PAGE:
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BY BRAD HOYLMAN | COMMUNITY BOARD | “ULURP,” which stands for uniform land use review procedure, is one of those bureaucratic acronyms known to junkies of local government. Over the last year or so, however, it’s received much wider cachet in Greenwich Village as our community has reviewed two major development proposals. This year, 2012, has been called “The Year of the ULURP” for good reason. We’ve been in full-on land use review mode since the St. Vincent’s Hospital redevelopment project came to conclusion in March and the public began its review of the N.Y.U. campus expansion project late last year.
There’s much more work to be done on the New York University proposal, which Community Board 2 rejected unanimously. (The City Planning hearing on the university’s proposal was this Wednesday.)
Our third major ULURP, the Hudson Square rezoning, waits in the wings for consideration later this spring or early summer.
But it’s worth taking stock on the St. Vincent’s deal and N.Y.U. and the lessons learned from the months of public review we’ve undertaken. Here are my top three:
Trust the locals: Pressure exists on community boards to take a high-minded approach on development issues and ignore the testimony of local neighbors in deference to a greater good, like “jobs” or “economic development.” We should be suspect of this approach. First, the greater-good arguments are often speculative. Job projections for a project, which developers can point to as justification to ignore the objections of neighbors, are notoriously shaky. They are based on contingencies like market forces and often are short-term predictions, particularly for construction jobs.
Second, when it comes to the potential impact of a development, who knows better than the people who live next door? We take this point seriously on C.B. 2. Because the community board itself did not have representation from the neighbors who would have been most directly impacted by the proposed new St. Vincent’s Hospital, we appointed five public members to the St. Vincent’s Omnibus Committee to make sure their viewpoints were heard. On N.Y.U., we’re lucky to have members of the community board from the Central Village area who’ve helped lead the board on this issue. I believe the input of these members has been crucial to the community board’s position on both St. Vincent’s and N.Y.U.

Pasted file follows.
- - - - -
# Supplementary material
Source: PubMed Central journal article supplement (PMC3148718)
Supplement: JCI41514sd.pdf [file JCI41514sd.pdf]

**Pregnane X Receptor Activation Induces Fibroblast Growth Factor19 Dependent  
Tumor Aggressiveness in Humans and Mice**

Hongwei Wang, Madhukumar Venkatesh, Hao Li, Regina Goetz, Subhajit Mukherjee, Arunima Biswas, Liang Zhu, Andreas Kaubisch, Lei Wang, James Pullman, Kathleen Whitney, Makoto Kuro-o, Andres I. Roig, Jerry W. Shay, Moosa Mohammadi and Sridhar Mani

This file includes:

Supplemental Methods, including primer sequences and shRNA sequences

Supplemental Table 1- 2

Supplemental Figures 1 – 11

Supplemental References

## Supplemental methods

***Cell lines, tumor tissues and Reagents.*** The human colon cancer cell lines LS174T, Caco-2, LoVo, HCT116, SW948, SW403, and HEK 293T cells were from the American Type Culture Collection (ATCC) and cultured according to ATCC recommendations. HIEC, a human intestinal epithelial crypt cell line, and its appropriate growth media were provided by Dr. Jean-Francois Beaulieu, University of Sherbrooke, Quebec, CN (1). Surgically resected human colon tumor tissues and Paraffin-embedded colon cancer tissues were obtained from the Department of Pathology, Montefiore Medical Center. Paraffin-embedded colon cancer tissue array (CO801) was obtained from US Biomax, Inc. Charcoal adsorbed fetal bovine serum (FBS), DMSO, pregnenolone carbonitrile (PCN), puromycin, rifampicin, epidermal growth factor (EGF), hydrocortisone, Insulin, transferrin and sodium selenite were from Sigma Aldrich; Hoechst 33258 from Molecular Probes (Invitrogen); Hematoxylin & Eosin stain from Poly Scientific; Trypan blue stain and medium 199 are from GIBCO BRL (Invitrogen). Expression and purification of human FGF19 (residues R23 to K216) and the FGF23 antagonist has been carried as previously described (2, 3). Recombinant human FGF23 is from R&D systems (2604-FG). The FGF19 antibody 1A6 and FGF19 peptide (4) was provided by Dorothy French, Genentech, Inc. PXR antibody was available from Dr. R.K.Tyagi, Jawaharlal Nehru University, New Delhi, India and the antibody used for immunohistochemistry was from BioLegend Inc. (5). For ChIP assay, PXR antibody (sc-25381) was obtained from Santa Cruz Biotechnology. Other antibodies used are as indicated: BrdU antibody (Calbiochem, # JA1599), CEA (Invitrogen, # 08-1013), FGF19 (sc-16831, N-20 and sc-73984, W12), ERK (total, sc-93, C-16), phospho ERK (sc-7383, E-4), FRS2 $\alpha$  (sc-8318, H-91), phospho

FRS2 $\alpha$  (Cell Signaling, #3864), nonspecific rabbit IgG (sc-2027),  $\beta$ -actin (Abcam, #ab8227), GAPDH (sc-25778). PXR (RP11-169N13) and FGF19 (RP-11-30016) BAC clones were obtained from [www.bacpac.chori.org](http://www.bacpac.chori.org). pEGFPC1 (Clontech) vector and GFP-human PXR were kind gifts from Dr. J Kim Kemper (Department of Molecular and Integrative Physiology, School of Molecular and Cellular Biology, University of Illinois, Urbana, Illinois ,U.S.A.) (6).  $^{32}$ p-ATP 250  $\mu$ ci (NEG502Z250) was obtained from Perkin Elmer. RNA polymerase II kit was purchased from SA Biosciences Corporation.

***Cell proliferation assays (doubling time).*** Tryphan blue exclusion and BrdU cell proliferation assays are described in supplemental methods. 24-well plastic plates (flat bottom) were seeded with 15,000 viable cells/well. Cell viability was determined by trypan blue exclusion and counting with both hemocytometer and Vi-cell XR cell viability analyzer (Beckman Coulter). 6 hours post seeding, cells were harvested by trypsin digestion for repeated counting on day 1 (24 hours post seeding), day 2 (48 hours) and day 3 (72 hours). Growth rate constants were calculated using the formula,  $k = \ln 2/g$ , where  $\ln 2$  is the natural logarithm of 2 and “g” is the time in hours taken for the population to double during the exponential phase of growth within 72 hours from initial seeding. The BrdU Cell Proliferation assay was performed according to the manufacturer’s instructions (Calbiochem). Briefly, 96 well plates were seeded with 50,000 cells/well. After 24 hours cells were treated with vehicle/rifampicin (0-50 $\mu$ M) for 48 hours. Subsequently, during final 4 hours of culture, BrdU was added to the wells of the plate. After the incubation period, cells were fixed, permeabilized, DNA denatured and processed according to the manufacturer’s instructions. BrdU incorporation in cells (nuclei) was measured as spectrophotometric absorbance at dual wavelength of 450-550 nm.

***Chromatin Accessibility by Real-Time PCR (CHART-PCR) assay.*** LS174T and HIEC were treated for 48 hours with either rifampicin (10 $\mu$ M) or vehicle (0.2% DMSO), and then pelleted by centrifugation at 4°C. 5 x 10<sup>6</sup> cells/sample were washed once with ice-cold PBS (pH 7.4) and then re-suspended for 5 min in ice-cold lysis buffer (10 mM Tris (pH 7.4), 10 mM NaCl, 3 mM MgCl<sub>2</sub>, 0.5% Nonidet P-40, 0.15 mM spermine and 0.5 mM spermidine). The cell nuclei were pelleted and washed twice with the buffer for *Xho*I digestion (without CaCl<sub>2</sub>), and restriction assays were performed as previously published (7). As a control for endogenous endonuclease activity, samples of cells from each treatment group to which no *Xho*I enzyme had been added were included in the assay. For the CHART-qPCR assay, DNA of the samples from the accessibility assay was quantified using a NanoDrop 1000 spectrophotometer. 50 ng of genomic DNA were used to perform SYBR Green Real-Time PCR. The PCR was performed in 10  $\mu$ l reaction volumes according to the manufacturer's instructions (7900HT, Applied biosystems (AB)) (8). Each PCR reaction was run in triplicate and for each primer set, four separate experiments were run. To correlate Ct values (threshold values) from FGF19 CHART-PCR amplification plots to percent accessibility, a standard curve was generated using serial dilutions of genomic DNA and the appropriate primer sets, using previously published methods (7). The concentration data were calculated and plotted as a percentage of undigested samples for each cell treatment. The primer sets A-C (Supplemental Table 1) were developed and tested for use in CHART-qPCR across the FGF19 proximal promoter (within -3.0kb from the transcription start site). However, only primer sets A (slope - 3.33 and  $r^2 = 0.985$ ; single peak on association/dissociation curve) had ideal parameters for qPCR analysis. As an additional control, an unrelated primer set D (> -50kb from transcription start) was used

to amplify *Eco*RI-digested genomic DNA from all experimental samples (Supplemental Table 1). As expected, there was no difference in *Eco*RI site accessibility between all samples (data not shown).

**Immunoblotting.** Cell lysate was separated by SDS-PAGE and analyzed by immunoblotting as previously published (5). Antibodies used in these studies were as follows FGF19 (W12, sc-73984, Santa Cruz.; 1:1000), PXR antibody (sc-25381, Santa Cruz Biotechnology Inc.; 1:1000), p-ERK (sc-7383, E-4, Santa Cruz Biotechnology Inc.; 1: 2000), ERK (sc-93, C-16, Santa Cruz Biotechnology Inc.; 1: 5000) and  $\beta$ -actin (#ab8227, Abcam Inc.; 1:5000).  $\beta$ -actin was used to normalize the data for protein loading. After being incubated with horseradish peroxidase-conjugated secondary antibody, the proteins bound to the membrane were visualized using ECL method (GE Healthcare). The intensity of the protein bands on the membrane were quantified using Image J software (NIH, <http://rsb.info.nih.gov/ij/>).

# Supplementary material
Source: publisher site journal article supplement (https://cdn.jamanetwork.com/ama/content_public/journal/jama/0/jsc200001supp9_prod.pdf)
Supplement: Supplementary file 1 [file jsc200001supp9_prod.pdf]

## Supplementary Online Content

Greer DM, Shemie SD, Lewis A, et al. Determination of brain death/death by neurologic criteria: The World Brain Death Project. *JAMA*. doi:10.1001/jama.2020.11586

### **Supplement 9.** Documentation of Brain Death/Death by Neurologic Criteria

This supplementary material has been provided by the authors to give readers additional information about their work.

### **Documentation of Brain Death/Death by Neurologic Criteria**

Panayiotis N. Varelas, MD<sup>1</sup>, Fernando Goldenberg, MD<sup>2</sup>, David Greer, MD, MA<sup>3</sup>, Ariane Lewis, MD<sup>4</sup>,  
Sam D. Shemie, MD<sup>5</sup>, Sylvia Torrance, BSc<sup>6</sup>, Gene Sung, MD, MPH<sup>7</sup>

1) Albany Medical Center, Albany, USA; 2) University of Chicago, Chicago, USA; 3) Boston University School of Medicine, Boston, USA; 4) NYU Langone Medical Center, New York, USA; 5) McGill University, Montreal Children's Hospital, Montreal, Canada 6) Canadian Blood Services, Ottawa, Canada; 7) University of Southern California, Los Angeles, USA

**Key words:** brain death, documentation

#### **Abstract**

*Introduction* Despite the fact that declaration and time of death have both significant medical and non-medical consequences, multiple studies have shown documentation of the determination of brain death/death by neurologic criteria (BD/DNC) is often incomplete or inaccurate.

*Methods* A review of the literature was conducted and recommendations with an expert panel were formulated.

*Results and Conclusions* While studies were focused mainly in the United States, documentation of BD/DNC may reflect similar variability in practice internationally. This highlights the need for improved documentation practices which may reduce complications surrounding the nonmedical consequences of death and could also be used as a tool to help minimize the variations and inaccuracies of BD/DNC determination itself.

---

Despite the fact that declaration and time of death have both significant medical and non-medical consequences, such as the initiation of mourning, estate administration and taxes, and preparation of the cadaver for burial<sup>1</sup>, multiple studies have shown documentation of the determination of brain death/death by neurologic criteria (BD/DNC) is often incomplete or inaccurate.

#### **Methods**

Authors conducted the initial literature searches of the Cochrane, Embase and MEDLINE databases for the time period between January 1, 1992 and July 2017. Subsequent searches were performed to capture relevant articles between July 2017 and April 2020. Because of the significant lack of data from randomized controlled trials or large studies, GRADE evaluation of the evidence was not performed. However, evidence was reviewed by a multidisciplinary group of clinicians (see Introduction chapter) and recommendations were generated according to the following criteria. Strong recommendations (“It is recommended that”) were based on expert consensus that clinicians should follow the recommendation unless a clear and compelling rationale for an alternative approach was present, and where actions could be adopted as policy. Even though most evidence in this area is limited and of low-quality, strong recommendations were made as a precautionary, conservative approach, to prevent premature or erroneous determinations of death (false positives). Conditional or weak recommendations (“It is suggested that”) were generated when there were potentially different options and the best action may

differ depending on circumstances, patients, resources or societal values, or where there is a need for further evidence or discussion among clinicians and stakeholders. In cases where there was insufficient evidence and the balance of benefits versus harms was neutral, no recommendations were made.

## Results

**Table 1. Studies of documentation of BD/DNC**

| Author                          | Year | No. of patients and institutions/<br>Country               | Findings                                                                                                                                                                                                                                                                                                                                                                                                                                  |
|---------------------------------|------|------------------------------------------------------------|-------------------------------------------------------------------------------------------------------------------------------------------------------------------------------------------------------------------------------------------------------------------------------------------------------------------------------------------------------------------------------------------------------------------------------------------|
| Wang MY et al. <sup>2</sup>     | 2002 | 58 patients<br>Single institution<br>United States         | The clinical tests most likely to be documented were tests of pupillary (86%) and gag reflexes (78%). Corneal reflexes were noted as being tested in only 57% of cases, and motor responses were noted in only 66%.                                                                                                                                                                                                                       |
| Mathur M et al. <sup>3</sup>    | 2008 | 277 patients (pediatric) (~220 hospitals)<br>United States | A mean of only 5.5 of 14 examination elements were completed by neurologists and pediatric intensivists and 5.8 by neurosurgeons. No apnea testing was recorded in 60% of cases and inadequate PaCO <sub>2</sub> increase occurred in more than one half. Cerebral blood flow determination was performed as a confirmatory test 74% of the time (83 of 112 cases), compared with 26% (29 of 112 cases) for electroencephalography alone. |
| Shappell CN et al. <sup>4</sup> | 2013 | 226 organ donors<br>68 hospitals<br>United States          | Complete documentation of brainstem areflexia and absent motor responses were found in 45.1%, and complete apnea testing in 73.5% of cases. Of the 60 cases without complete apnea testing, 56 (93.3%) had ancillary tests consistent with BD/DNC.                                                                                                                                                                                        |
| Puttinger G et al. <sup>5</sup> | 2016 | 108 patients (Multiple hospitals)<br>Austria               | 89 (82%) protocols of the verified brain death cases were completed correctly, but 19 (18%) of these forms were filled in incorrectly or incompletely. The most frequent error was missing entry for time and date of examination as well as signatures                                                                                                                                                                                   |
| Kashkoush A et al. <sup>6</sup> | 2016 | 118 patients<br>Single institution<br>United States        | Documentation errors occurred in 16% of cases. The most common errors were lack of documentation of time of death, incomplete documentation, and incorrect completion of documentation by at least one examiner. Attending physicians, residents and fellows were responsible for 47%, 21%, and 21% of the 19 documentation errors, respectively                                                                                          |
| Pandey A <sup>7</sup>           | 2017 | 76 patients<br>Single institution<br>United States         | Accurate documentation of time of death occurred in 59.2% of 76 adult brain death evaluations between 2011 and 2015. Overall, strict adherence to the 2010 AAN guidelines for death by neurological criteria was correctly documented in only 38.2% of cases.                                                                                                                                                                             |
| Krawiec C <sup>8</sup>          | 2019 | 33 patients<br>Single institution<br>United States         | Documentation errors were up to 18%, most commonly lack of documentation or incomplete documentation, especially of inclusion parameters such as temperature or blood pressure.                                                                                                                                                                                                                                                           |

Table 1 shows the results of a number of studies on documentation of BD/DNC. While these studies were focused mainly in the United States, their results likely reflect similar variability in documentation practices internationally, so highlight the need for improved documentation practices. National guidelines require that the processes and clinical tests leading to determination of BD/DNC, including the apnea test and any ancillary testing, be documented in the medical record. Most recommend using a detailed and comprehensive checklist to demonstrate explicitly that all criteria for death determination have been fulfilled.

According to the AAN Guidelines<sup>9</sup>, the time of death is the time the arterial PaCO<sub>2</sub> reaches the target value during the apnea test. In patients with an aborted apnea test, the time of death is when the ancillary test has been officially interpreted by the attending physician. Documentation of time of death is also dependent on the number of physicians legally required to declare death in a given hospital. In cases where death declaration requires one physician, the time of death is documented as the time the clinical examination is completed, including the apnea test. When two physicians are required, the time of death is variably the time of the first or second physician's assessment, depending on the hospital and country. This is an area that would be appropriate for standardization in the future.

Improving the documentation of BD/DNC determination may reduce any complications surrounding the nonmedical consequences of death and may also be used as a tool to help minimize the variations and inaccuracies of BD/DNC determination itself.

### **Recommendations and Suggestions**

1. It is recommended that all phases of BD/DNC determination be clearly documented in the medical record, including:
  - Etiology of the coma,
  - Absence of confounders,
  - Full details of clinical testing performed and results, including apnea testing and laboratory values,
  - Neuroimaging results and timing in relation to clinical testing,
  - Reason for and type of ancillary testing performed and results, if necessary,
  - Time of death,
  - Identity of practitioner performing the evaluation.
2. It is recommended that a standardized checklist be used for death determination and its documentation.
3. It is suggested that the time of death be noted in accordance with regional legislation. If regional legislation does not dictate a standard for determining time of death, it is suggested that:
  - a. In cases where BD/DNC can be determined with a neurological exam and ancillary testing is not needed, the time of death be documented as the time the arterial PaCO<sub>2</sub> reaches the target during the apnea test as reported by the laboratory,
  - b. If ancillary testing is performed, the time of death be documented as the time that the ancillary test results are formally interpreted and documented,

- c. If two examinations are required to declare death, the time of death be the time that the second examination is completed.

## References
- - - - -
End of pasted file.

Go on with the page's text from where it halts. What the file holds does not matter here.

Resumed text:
Thank God for church basements: A good community meeting is about 50 percent planning and logistics. Sometimes we’ve learned this the hard way. At one of our early meetings on St. Vincent’s, 150 people showed up for a room that could fit only 75. We only had one working microphone, too. The standing-room-only crowd added to the tension of this difficult issue — at one point the meeting threatened to break down into chaos and the police were called.
A similar situation threatened the first N.Y.U. public meeting earlier this year. More than 300 people showed up for a meeting at the AIA Center for Architecture, which can only hold about half that many people. AIA refused to admit the overflow crowd, who were rightly incensed and began chanting and banging on the windows. Thanks to the quick work of the C.B. 2 staff, we were able to decide right on the spot to move the entire meeting to a nearby church basement, and this important first meeting went on without a hitch. Since then, church basements have been the default venue for our big public meetings.
Share the wealth of work: In theory, big land use review projects like the St. Vincent’s redevelopment, N.Y.U. and Hudson Square rezoning could be handled in one public hearing, in one month before our Land Use Committee. But these big, complicated applications demand much more scrutiny and discussion from the public than just one meeting. For the St. Vincent’s and N.Y.U. proposals, our community board took a page from Community Board 4’s work on the Hudson Yards rezoning and broke down the responsibilities among all of the board’s committees with expertise on a project’s impacts, including zoning, environment and public health, social services and education, traffic and transportation, and parks and open space. We’ve also taken maximum advantage of the 60 days the community board is afforded during the ULURP process and held two months of public hearings, instead of the typical one month. The result is more than 10 times the amount of work the community board might be expected to undertake, but it’s worth it. I think we’ve ended up with a more comprehensive, deliberative process and stronger resolutions that more accurately reflect the community’s wishes.
Community boards are advisory bodies. Nothing a board passes is the final say on a given issue, so our influence comes from our ability to sway elected and city officials who have veto power over land use actions. It’s therefore paramount that we adhere to a legitimate public process that is transparent, fair and gives the public the maximum opportunity to participate. Using these three lessons, we’ve strengthened our public review process during the “Year of the ULURP” as well as the community’s voice on these huge projects that will have a profound impact on neighborhoods.
Hoylman is chairperson, Community Board 2, which covers the area between 14th and Canal Sts., from Bowery/Fourth Ave. to the Hudson River